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2006.06.05 NANOG-NOTES Network Neutrality panel notes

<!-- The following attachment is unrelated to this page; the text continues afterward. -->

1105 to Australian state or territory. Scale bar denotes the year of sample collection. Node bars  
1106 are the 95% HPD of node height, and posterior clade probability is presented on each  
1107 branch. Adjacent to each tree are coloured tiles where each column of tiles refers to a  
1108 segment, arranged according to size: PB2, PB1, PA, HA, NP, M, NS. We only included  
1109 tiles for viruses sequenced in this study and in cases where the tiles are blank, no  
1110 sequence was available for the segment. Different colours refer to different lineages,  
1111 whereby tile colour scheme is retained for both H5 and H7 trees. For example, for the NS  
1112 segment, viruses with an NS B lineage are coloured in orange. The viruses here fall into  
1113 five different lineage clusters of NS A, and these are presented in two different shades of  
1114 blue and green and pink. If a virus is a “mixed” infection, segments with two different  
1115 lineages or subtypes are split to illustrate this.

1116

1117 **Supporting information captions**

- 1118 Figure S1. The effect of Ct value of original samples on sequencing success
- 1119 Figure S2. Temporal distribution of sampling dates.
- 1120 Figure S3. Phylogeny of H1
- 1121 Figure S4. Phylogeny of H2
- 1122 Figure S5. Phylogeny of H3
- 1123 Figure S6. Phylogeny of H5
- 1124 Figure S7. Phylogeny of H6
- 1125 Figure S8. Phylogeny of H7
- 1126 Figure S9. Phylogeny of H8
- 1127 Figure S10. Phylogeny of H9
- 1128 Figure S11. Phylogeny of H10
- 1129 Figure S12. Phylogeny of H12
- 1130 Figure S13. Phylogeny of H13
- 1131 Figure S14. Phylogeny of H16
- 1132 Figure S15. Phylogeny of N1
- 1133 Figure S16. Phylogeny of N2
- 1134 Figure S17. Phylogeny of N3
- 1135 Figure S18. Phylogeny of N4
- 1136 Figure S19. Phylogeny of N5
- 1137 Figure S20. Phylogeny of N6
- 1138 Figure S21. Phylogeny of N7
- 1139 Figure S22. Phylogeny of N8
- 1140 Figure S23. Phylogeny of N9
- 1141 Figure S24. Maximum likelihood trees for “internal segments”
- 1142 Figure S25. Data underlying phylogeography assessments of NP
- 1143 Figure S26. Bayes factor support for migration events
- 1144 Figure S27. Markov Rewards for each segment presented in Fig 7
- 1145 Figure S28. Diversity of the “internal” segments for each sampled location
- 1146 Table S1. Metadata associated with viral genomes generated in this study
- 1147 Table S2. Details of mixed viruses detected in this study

(since there's no slides for these online anywhere, and the slides were going past pretty quickly, I have to apologize for the gaps in the notes ahead of time. --MNP) 2006.06.05 Network Neutrality Panel [slides are not yet online] next up is the controversial subject of network neutrality; Bill Woodcock will be chairing the panel, so Randy Bush can go be a member of the audience again. Bill Woodcock: network neutrality has been in front of press and legislatures for the past several months, and has been in the works behind the scenes for almost a year. Brokaw Price, peering at Yahoo! Sean Doran, free agent, "rooting" for Sprint back in the day Sean Donelan, now at cisco, Gene Lew, at neustar now, has done cable operations before. Sean can pretend to be Vint Cerf for this panel. :D Network Neutrality--what does it mean to operations people? History: Michael Powell, Feb, 2004, defined four internet consumer rights (chairman FCC) freedom to access content freedom to use applications freedom to connect personal devices freedom to obtain service plan information History of net neutrality concept: feb 2005, madison river telephone company consent decree "Madison River shall not block ports used for VoIP..." August 2005, FCC policy statement access lawful internet content run applications and services subject to the needs of law enforcement connect legal devices that do no harm to the networks competition amongst... All of these principles are subject to reasonable network management. That last bullet is what gives telcos ability to quote QoS as a mandatory network management requirement. March 2006, internet non-discrimination act senate bill 2360 only 2% of americans have a choice in last mile. shall not interfere with block, degrade, alter, modify, impair, or change bits or content May take measures to protect customers from attacks may protect their own network infrastructu May 2006 Internet freedom and non-discrimination modifies clayton anti-trust act. Passed based on party lines. Turns over to Sean to talk about his thoughts. Sean Donelan Doesn't represent anyone right now. The Huck Finn approach. And no, you can't configure this on your router. What are we talking about? Rep John Conyers (D-MI) "internet as we know it is at risk" Same guy noted in 2003 about cable operators being smart enough to not poison their customer pool Not really a new issue: ANS CO+RE in 1991 unapproved networks filtered from R&E gateways ANS and CIX, June 1992 ANS agreed to "provisionally" interconnect CIX proposed filtering resellers (194) NSF NAP/NREN solicitation (1993) required NSPs connect to all priority Network Access Points (NAPs) uncertainty created opportunities for new service providers pizzahut.com debate--couldn't reach it from university networks, but you could reach it from UUnet. Two-tiered internet even back then. Regulations chasing change TitleI -- General FCC Authority (pre 1984) TitleII common carrier voice/phone calls/later data TitleIII spectrum licensing broadcast TV and radio TitleVI Cable Television (post 1984) FCC moved DSL (but not UNE-L and cable modems) back into TitleI again. VoIP is still unknown. Telecom act of 1996 was another biggie. before 1996, enhanced services transmitted over a common carrier. After 1996, info services were defined by the telecom act; they run over telecommunications provisioned by anyone, not just common carriers. That's why cable companies can offer telecommunications even though they're not common carriers. Also why Radio and TV can put IP in subcarrier without being common carriers. So, we have a really odd blend, they're not mutually exclusive. Now you have the potential for new entrants from any direction. Most home services now come over cable companies; multiple resellers of same product wasn't enough to satisfy customers. Customers are very fickle Interfering with a customer's use of the Internet would hurt the provider's business. No-one can predict what the next "Killer App" will be. and *everyone* can complain Both sides need each other to succeed. Predicting in advance what customers want and will consider improvement vs interference is hard to the point of being nearly impossible. And what customers consider an improvement one year may become interference, or what was once interference will now be considered improvement. If you start writing regulations, you imply investigative and reporting requirements along with it. Who would enforce these regulations? And regulations seldom prevent people from being evil, the government simply sets the price for being evil. Broadcast fairness doctrine--equal time; nobody can buy public advocacy on national networks, except for politicians, who get the best rates. Kingsbury committment--ATT had to interconnect with everyone--but that meant you didn't need a second long distance company, so ended up supporting monopoly expansion. Universal service backfired by giving a monopoly to those giving out the free phones to... Back to Bill Woodcock: Arguments in favour preference will go to dominant players instead of technological innovators If market isn't free, consumers must be protected from predatory practices. Nondescrimination is part of common carrier status Many access networks were built under monopoly protection are they thus the moral property of the consumers who were forced to pay to create them? Arguments against descrimination required to protect customers from "bad" traffic. service bundling needed to encourage future investment in infrastructure Nondescrimination is compelled speech in the first amendment sense. QandA for the panel. Q: Free speech: can carriers claim "common carrier" protection from responsibility for customer content, and simultaneously claim a seemingly-contradictory 1st amendment protection from compelled speech? Sean Doran--Canadian, working in EU on similar issues; can carriers degrade non-customer or competitor's traffic as part of deregulatory process? Unbundling local loops, etc; if people were given access to these components on an equal cost basis, would incumbent be able to sustain a biased offering around degraded service? Risk was taken that rather than regulate a monopoly, the regulators would create an artificial basis where the competitive playing field was forced to be level; seems to have worked, they've seen 100fold to 100,000fold price decreases since 1997; double-digit mbit connectivity four double-digit prices in US dollars are available in major cities; can get triple digit BW for triple digits in stockholm for example. Mutually competitive providers, incumbent PTT is forced to sell access to all comers at same price level. Regulating on other levels tends to enhance the power of the incumbent, rather than limit it, since they generally have the stronger lobbying power. Bill Norton at mike--In US, given the large amount of video traffic on the net, do cable companies have enough infrastructure to handle forseeable traffic levels? Since he can't be compelled to pay for speech that isn't paid for, he'll just replace your ads with his own as they pass along the wire. What about mandatory revenue sharing? Bill Woodcock passes the question to Brokaw Price from Yahoo! Well, Brokaw notes that's a push model, vs the reality of the internet, which is a pull environment. If incumbents did that, the model for the internet would start to collapse, as customer wouldn't be able to be sure where their traffic was coming from; more likely the incumbent would be likely to compete directly, rather than trying to circumvent. But that's likely to create more of a walled garden environment, and we've seen those walled gardens collapse in the past. Sean notes AOL could do it since they have proxies (ad replacement, that is). More likely that telcos would be able to show that a free-for-a-month link is better than your other providers, so you should pay them to get that better connectivity--and since you can't see into their routers, you have no way of knowing *why* their direct paid-for link is better than the alternative transit provider's link. The congestion issue is all this just an excuse for backbones to not upgrade, and just pass the pain and costs around to different players? Gene notes that Neustar is not taking any official position on network neutrality. But then back to earlier question; the ads on baseball games are often not what exist in the stadium, they're what the broadcaster decides their audience should see. Being a former carrier, it's debatable about skipping upgrades and forcing QoS payments instead to deal with congestion issues. Where he lives, he has 5 broadband providers he can chose from; in major metro markets, that's often true, and with municipal wifi coming into the play, could be a dark horse that will force the issue. The competition issue: do network neutrality and local loop unbundling matter only in the absence of competition? Brokaw: well, competition is generally good, gives customer a chance to decide which provider is better, assuming the customer has the wherewithall to move. In areas where the customer can't change, yes, it's likely to be more of a problem. In the content space, if he only has one option to reach a huge consumer base, price elasticity raises his ugly head, and it's likely the user experience will be adjusted to reflect that increased cost; and that's an ugly outlook for the internet if we follow it out to its conclusion. And if the big players are forced to do that, it's likely the smaller players will be under even more pressure. 3 choices: do we have sufficient competition now? Do we need more regulation? Or do we need more competition? Brokaw: consolidation is reducing the number of competitors in the market; it's still a free market, so we're not yet down to monopolies yet. It's a tough call. We're struggling with what the end vision will be. Sean Doran: US needs more competition; there's already too much regulation in all the wrong areas. Congress is introducing bills all over the place, likely to do for network neutrality the same thing they did with spam. not likely to turn out well. Sean Donelan: regulation tends to freeze things as a status quo; just adds more regulation, rather than adding more real competition. Regulation just gives more brand names without real competition. He feels regulation is useful as long as it goes in the right direction; tries to make everything look alike, rather than rewarding innovation. Greg Lew: Is there enough competition, or more needed? Well, yes for his area, but large areas (20%) don't have access to broadband, so those areas need more competition, definitely. Q: Michael Sinatri?, UC Berkeley. Service Provider (TV station) pays the content provider for the content, and negotiates the ad space placed on that. If the content is being provided for free, what right does the SP have to modify the content mid-stream? Content Accelerators--shrink images before being sent; if customer pays for that, does that infringe on content provider's original data? Q: Ted Seeley, Sprint. Incumbent ILECs spend millions to build out infrastructure to support that video distribution. Why pay SBC when you can buy it from Sony? That is, the ILEC spends the dollars to expand their network, hoping to recoup the cost from the customers over a 10 year period; But there's no guarantee that customer will be there for the full 10 year amortized time for paying back the buildout; if they jump ship to someone else, how do those upgrades get paid for? Q: Patrick Gilmore: if telco wants to charge content providers for bits they're sending, what are they going to charge each other for the high volume of illegal content they're sending back and forth to each other, which according to their own stats is the bulk of their traffic? Survey forms available on the web! If you're sticking around, fill it out. If you're leaving, fill it out! Maps with food places; will start up again at 2:15 for afternoon bofs. Lunchtime now!